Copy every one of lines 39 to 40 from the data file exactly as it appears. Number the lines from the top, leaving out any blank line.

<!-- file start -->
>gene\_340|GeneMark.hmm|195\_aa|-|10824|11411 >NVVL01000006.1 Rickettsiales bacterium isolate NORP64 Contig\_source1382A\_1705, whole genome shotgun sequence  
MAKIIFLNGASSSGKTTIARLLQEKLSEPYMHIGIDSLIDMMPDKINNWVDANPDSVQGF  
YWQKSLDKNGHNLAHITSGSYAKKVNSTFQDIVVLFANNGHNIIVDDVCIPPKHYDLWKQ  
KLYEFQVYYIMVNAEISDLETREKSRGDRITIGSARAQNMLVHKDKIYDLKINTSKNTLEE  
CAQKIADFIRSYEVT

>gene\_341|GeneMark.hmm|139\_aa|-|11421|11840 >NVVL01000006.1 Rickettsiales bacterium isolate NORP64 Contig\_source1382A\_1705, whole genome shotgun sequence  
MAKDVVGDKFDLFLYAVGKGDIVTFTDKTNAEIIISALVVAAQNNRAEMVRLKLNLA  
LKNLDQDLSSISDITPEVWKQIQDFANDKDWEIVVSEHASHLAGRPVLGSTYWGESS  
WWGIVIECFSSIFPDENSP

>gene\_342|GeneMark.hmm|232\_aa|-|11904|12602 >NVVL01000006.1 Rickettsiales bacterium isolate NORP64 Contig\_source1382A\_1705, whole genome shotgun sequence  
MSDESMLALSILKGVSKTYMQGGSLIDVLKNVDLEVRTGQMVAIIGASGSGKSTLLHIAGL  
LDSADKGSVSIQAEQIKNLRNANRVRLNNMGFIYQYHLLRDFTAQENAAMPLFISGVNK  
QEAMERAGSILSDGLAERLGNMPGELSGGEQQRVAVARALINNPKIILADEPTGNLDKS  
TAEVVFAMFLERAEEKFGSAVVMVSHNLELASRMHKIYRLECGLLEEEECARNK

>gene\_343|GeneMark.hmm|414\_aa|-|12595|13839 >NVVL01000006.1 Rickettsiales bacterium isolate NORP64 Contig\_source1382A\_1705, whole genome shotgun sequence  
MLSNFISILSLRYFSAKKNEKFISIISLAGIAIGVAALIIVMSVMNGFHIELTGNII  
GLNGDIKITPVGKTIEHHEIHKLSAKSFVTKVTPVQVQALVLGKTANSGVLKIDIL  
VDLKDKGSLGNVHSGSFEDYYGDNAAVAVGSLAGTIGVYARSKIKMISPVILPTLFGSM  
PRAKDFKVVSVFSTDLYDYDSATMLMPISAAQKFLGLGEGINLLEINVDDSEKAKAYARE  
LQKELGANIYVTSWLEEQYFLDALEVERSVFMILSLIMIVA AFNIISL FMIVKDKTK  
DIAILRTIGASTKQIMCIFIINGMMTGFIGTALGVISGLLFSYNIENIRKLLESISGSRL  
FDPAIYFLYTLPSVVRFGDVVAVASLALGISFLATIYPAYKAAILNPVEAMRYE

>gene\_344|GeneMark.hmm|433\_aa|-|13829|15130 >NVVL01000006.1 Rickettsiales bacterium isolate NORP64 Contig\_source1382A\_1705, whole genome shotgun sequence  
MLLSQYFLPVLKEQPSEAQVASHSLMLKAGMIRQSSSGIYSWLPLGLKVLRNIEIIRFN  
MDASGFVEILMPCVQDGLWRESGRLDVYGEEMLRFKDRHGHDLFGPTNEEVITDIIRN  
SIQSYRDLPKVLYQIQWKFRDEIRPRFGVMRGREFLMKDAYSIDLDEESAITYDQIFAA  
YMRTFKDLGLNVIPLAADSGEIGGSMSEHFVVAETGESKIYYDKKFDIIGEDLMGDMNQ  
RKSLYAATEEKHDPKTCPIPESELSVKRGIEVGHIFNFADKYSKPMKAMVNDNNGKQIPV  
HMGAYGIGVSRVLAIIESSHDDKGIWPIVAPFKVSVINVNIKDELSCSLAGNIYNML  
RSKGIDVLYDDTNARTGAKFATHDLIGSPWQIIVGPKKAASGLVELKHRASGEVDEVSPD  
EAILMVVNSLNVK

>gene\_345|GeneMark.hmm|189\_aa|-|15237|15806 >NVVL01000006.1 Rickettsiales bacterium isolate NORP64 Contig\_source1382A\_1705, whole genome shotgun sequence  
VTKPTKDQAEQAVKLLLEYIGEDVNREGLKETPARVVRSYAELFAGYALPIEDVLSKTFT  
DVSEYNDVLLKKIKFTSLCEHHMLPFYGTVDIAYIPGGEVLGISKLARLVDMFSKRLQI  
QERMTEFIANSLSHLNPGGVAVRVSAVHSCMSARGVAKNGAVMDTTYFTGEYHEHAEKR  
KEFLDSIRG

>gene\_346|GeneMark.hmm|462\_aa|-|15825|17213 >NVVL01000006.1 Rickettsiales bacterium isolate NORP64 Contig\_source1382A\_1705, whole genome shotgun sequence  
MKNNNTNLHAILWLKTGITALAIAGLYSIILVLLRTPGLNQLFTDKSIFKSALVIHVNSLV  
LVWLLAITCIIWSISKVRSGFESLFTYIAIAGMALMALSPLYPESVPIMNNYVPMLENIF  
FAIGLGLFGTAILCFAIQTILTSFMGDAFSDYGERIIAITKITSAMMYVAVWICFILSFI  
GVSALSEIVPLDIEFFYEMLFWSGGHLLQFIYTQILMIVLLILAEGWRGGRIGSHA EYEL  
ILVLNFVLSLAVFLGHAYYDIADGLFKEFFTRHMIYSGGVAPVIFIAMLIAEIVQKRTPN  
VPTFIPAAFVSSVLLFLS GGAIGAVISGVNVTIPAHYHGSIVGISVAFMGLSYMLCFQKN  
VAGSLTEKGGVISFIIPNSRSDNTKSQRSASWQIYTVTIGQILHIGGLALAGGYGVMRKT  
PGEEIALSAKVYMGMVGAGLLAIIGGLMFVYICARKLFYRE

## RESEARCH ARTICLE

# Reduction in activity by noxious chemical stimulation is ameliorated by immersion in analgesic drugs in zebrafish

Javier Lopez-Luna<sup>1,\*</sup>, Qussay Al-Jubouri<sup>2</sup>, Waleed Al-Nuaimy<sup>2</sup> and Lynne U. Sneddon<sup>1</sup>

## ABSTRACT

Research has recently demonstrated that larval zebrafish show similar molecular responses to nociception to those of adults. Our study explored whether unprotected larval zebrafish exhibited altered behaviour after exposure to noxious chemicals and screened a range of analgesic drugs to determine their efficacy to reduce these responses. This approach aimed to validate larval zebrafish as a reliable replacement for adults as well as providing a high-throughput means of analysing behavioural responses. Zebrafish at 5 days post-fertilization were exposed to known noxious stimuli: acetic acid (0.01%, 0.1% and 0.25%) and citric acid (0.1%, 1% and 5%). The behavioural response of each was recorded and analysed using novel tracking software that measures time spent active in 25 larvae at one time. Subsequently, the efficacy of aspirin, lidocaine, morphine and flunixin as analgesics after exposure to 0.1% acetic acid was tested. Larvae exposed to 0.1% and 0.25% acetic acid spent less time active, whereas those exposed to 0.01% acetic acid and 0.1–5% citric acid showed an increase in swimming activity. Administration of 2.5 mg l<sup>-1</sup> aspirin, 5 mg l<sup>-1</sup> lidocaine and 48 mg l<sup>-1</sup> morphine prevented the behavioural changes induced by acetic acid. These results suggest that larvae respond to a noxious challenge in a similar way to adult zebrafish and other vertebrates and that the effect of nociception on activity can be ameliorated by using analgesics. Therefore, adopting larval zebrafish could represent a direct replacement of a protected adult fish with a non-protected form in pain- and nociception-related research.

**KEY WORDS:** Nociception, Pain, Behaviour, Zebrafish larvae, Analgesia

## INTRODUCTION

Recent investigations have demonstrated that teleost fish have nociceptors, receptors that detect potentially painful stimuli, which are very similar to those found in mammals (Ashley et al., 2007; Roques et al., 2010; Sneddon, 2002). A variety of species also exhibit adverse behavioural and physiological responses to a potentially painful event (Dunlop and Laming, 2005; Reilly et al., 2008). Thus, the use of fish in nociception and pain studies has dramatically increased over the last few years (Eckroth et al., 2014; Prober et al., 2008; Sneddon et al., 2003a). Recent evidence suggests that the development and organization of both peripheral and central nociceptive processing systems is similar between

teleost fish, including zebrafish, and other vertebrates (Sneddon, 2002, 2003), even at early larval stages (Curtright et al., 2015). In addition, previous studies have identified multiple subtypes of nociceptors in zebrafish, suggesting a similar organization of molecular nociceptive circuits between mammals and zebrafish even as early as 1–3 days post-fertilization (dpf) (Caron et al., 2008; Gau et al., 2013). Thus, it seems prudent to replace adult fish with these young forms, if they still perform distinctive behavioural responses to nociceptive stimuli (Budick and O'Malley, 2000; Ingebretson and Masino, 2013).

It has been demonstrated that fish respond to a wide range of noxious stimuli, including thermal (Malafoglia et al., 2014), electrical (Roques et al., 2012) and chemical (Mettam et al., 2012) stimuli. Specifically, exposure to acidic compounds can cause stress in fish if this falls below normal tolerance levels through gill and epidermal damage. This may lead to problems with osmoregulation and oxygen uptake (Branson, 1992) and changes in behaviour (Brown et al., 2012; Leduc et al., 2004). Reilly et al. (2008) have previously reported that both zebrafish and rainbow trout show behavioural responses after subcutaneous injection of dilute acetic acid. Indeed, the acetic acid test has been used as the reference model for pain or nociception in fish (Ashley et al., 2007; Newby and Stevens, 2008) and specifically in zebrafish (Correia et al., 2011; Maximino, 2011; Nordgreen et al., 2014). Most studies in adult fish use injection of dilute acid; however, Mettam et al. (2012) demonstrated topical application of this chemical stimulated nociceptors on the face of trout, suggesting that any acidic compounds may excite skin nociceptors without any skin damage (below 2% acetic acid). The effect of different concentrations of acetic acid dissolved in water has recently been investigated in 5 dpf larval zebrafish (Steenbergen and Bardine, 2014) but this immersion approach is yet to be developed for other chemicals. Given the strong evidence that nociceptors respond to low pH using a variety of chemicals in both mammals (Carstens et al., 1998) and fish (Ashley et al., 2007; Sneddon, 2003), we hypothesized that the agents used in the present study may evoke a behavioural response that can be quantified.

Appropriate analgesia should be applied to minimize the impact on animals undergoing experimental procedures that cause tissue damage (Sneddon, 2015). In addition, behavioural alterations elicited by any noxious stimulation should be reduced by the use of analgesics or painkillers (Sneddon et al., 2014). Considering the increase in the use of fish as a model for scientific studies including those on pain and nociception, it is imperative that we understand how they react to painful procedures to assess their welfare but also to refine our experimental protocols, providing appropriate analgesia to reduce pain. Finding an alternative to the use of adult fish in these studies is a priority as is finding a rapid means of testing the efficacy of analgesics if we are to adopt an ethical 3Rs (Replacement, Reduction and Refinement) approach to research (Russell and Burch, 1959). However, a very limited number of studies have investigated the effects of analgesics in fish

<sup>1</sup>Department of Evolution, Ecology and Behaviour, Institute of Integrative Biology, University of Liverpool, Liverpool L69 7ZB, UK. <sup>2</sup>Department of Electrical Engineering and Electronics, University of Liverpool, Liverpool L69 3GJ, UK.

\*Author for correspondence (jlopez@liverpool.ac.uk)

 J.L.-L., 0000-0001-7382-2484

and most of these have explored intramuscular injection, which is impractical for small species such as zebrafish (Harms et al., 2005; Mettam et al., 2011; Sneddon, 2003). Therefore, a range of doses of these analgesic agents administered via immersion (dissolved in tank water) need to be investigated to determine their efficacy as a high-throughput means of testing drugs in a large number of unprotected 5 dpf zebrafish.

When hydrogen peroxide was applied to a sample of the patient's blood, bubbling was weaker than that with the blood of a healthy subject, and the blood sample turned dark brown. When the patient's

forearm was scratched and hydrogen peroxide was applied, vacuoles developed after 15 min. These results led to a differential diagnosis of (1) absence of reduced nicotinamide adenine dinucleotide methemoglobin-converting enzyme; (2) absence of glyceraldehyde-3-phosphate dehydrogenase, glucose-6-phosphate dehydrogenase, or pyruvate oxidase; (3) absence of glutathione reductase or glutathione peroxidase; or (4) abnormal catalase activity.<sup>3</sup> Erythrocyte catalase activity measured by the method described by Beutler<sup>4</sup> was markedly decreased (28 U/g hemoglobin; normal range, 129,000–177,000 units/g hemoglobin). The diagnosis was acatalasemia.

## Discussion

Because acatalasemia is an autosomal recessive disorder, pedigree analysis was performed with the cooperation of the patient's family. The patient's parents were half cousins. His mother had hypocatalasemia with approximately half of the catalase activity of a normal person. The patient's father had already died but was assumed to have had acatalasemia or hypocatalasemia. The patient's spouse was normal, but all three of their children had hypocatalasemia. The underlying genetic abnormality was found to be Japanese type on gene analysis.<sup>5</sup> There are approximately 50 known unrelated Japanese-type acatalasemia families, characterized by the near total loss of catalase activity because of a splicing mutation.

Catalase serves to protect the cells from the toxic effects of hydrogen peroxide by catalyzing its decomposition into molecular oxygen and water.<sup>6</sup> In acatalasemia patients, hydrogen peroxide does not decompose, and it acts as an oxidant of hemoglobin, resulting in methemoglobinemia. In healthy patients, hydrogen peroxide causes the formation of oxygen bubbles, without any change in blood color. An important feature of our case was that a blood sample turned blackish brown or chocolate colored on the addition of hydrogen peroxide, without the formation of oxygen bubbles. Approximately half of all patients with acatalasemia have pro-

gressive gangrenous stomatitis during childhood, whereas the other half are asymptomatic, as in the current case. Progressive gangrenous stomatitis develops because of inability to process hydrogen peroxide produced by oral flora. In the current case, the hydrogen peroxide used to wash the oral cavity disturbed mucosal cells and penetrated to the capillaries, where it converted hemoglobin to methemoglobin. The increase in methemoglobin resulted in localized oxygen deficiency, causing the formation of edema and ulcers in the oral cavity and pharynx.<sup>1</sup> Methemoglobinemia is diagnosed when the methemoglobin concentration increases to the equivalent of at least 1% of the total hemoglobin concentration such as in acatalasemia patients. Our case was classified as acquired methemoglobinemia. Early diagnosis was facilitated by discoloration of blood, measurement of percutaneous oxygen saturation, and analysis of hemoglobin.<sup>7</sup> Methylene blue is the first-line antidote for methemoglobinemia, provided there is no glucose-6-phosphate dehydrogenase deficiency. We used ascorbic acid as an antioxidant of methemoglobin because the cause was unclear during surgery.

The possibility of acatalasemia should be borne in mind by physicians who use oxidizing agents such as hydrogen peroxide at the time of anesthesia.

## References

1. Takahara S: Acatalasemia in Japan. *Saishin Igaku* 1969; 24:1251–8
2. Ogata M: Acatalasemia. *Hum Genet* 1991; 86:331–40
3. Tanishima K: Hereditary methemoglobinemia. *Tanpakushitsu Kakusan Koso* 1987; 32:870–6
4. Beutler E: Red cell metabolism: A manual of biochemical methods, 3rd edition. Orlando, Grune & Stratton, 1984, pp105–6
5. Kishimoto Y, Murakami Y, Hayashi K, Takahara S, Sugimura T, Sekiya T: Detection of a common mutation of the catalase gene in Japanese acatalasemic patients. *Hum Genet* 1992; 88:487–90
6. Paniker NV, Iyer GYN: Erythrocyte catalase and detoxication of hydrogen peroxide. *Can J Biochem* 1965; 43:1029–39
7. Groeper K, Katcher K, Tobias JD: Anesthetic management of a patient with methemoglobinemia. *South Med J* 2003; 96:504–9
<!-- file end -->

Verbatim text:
LVWLLAITCIIWSISKVRSGFESLFTYIAIAGMALMALSPLYPESVPIMNNYVPMLENIF  
FAIGLGLFGTAILCFAIQTILTSFMGDAFSDYGERIIAITKITSAMMYVAVWICFILSFI  